Sanfilippo is progressive and can be broken down into stages. Some describe Sanfilippo as a childhood Alzheimer’s.
First stage: The affected child presents with: delayed speech, hyperactivity, impulsivity and behavioral issues. Sanfilippo children have distinctive facial features, you must be trained to notice them: prominent forehead, bushy eyebrows, coarse hair, thick skin, short neck, full lips, low thick ears, a wide flat nose. Their facial features are described as “coarse.” Affected children are prone to sinus and ear infections, diarrhea, and minor muscular skeletal issues. The problems associated with Sanfilippo are vast and varied.
Second stage: The affected child will become extremely active, restless, suffer sleeplessness and exhibit difficult behavior. Many children are compelled to chew on things, grab at people or items. Some children have seizures others have visual and hearing problems. Over time, speech and communication skills decline along with other cognitive and motor skills.
Third stage: The disease will take its ultimate toll. The child will lose the ability to walk, talk and eat on his own while his body shuts down. Death may occur as early as the age of five. More common, however, are children that live into their early teens, with some surviving into their twenties.
SSP: How rare (or ultra-rare) is this disease and is there a treatment?
A rare disease is defined as having a patient population of 200,000 or less. Jonah’s version of Sanfilippo only has 20 known patients in the United States, the current known incident rate is 1 in 1.5 million. Sanfilippo Syndrome is considered ultra-rare.
SSP: What is the current research?
JJB along with our consortium: H.A.N.D.S. made up of international medical research foundations like JJB have funded over a million dollars towards a treatment. Our gene therapy program is ready to go to trial. The only thing stopping us is funding for the vector production for a human clinical trial.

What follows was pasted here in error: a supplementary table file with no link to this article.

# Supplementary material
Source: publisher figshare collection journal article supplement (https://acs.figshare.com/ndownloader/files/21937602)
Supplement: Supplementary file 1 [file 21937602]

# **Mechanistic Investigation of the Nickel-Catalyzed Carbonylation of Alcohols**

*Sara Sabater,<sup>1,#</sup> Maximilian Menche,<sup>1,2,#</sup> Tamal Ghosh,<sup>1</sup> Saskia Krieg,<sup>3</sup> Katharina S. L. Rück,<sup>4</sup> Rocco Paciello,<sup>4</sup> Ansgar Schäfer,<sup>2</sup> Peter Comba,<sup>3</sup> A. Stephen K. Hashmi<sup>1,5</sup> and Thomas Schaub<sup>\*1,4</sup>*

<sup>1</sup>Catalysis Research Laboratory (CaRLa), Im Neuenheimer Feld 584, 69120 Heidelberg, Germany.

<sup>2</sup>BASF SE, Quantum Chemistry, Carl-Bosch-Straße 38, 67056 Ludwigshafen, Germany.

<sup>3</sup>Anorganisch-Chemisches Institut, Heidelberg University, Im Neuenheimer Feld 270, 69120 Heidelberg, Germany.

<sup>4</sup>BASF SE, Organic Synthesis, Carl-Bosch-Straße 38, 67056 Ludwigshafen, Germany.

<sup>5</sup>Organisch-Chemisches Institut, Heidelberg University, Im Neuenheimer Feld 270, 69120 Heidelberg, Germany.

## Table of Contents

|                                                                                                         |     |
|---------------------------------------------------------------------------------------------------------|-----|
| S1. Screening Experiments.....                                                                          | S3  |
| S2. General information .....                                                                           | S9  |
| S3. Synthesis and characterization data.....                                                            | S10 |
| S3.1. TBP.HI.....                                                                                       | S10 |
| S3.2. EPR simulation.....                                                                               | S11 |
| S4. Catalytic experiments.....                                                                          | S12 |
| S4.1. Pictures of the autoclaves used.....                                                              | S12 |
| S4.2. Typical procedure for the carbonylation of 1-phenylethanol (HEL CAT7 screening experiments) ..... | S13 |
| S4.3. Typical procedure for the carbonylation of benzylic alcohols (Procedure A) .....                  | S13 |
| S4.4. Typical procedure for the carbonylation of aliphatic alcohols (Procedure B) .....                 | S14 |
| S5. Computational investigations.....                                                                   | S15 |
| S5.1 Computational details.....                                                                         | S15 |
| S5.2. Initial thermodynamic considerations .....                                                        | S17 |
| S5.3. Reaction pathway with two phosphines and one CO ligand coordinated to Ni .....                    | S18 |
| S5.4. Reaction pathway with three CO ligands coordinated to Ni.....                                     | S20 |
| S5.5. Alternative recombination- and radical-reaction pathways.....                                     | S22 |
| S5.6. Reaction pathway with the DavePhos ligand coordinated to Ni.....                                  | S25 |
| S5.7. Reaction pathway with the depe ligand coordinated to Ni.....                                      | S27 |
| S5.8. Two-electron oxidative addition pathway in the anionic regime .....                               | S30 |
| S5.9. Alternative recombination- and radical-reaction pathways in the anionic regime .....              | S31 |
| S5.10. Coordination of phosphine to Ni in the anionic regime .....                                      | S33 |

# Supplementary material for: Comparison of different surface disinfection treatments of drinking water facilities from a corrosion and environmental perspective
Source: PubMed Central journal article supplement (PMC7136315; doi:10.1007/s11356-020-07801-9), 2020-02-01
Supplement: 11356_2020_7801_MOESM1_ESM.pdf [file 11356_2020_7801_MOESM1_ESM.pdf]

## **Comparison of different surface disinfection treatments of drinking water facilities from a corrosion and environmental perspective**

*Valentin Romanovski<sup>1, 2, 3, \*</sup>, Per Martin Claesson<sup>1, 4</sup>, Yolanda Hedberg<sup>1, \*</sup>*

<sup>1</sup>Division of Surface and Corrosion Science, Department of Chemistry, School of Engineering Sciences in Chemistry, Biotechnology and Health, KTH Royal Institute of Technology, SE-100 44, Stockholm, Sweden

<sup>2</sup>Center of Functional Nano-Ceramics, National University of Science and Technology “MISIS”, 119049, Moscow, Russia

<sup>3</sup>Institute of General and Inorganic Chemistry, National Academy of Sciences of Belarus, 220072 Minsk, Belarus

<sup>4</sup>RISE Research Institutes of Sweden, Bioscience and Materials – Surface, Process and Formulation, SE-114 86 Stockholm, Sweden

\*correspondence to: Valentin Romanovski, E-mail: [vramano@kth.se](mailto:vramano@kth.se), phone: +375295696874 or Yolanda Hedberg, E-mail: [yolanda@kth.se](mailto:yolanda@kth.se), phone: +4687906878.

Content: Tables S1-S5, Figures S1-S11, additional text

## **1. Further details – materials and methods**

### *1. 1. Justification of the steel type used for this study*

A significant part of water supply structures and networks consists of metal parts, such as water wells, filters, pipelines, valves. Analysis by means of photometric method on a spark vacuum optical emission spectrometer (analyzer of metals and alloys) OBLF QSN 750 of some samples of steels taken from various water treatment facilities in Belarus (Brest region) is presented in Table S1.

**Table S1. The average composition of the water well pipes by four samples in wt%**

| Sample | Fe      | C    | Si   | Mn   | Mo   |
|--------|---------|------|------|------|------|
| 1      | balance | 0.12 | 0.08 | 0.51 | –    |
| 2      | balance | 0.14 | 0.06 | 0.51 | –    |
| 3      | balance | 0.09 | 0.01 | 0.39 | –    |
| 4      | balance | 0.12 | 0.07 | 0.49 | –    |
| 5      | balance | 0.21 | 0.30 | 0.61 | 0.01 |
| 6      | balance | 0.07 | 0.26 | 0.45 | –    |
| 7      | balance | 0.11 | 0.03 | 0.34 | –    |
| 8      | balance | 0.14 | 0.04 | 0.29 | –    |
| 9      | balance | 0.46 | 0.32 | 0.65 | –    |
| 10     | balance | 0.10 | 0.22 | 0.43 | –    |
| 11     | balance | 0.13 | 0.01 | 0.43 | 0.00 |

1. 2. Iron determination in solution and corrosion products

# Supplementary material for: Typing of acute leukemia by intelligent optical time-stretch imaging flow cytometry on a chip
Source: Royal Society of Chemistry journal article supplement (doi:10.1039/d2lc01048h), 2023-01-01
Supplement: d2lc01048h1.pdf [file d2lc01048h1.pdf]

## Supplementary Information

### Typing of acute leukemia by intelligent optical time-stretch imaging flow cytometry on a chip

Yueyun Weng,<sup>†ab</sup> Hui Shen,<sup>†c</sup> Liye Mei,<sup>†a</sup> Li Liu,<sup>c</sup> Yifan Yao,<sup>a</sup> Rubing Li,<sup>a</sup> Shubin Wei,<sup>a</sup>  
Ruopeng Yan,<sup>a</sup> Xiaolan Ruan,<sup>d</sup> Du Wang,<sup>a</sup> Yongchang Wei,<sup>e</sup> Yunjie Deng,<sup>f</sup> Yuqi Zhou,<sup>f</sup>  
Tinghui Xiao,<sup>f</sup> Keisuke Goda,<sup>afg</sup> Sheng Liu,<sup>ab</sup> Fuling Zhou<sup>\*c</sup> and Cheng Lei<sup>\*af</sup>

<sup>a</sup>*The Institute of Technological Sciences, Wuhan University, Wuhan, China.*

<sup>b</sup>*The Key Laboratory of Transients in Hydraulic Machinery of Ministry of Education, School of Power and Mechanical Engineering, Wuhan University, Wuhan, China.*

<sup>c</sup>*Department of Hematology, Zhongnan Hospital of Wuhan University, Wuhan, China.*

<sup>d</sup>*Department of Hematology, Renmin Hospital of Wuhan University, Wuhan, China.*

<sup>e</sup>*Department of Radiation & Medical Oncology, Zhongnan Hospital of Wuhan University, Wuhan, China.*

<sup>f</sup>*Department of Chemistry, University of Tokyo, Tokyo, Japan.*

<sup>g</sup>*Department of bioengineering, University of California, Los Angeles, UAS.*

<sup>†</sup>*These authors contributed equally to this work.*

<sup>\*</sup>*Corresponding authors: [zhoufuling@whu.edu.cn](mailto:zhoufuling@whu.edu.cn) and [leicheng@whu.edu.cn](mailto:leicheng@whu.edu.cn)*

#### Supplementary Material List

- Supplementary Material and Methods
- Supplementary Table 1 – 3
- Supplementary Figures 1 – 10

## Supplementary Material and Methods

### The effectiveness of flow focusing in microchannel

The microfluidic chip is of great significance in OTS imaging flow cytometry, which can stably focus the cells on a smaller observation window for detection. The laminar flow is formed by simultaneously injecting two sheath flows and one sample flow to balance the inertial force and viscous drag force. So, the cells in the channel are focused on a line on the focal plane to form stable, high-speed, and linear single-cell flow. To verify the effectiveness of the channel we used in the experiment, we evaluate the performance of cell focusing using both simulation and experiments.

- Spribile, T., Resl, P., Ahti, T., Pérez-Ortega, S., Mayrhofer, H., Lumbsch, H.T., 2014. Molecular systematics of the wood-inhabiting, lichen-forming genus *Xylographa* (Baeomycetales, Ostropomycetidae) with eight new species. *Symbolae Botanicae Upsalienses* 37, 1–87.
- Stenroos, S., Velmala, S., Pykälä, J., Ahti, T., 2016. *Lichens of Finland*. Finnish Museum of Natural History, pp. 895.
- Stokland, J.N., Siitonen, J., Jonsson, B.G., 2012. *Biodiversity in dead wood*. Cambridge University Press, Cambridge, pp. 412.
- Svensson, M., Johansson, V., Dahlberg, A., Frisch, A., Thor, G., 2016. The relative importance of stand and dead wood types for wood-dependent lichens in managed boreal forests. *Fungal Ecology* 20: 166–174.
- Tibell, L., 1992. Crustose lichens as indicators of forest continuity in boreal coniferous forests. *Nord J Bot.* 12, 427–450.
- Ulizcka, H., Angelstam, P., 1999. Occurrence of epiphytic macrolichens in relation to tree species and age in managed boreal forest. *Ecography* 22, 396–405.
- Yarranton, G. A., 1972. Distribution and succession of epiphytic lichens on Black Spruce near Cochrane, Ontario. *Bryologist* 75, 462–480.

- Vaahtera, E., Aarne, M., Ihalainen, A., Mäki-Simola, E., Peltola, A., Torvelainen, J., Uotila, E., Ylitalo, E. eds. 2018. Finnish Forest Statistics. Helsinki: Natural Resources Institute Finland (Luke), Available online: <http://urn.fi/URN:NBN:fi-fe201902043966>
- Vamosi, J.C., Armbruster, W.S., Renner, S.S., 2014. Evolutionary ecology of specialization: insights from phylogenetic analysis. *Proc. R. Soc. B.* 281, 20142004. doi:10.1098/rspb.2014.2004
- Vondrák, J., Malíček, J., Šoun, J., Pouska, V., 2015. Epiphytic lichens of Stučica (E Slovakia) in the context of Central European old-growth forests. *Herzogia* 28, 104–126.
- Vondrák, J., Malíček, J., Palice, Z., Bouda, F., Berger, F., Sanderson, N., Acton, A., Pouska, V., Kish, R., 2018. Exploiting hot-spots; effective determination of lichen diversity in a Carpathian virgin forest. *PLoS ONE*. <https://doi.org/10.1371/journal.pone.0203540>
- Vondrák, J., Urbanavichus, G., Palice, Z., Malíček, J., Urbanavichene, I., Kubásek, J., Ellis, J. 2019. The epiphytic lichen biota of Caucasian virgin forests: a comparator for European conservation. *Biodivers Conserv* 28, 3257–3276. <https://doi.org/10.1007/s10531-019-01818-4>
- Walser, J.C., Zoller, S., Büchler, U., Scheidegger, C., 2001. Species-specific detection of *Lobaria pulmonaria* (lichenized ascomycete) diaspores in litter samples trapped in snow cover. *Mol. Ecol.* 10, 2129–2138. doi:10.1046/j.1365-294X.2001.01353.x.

A handful of Mom and Pop foundations have funded a treatment that once had no hope all the way to the point of clinical trial. We could have never gotten this far without the generosity of others. Now we need a financial partner to help with manufacturing of the drug and the finances of a clinical trial.
SSP: What is next/what can you share with us?
There is still a lot of work to be done. We need to complete our Natural History Study (NHS) a NHS follows the progression of a disease by collecting medical data from the patients that suffer from the disease. Our Natural History for Sanfilippo type C and D is being conducted at the Montefiore Children’s Hospital under the direction of Dr. Paul Levy. 20 patients will come to NY for two days of testing, one day will be spent at Montefiore where the children will undergo a battery of tests, involving bloodwork, MRI, E-Xrays, Ultrasound etc.
The second day the children will participate in cognitive testing at the Albert Einstein Medical Center under the direction of Dr. Sophie Molhom. Dr. Molhom’s testing is not covered by insurance, each day of testing for each child is $1,000. That’s $20,000 a year, this study will happen for five years. This study is vitally important as the data will provide proof to the FDA that our gene therapy is working.
SSP: What is needed NOW and how can we help support you?
We need to raise funding to cover the cognitive portion of the NHS that is not covered by insurance. $1,000 per child per year.
One way you can help support is to come to our upcoming fundraiser: “The Little Gingerbread House of Horrors” You can purchase tickets http://bit.ly/GingerbreadHouseofHorror
If you can’t make it to the event you can help by supporting our raffle and auction tables.
Purchase an item from our amazon gift list and it will be re-gifted into themed baskets for raffle prizes. https://smile.amazon.com/hz/wishlist/dl/invite/46wCYyd
Lastly, we can always use volunteers to help set up and take-down the day of the event. The set design for our life-sized gingerbread house event will take a lot of manpower to construct.
Dr. Sanjay Gupta on CNN interviewing Johnny Lee Miller: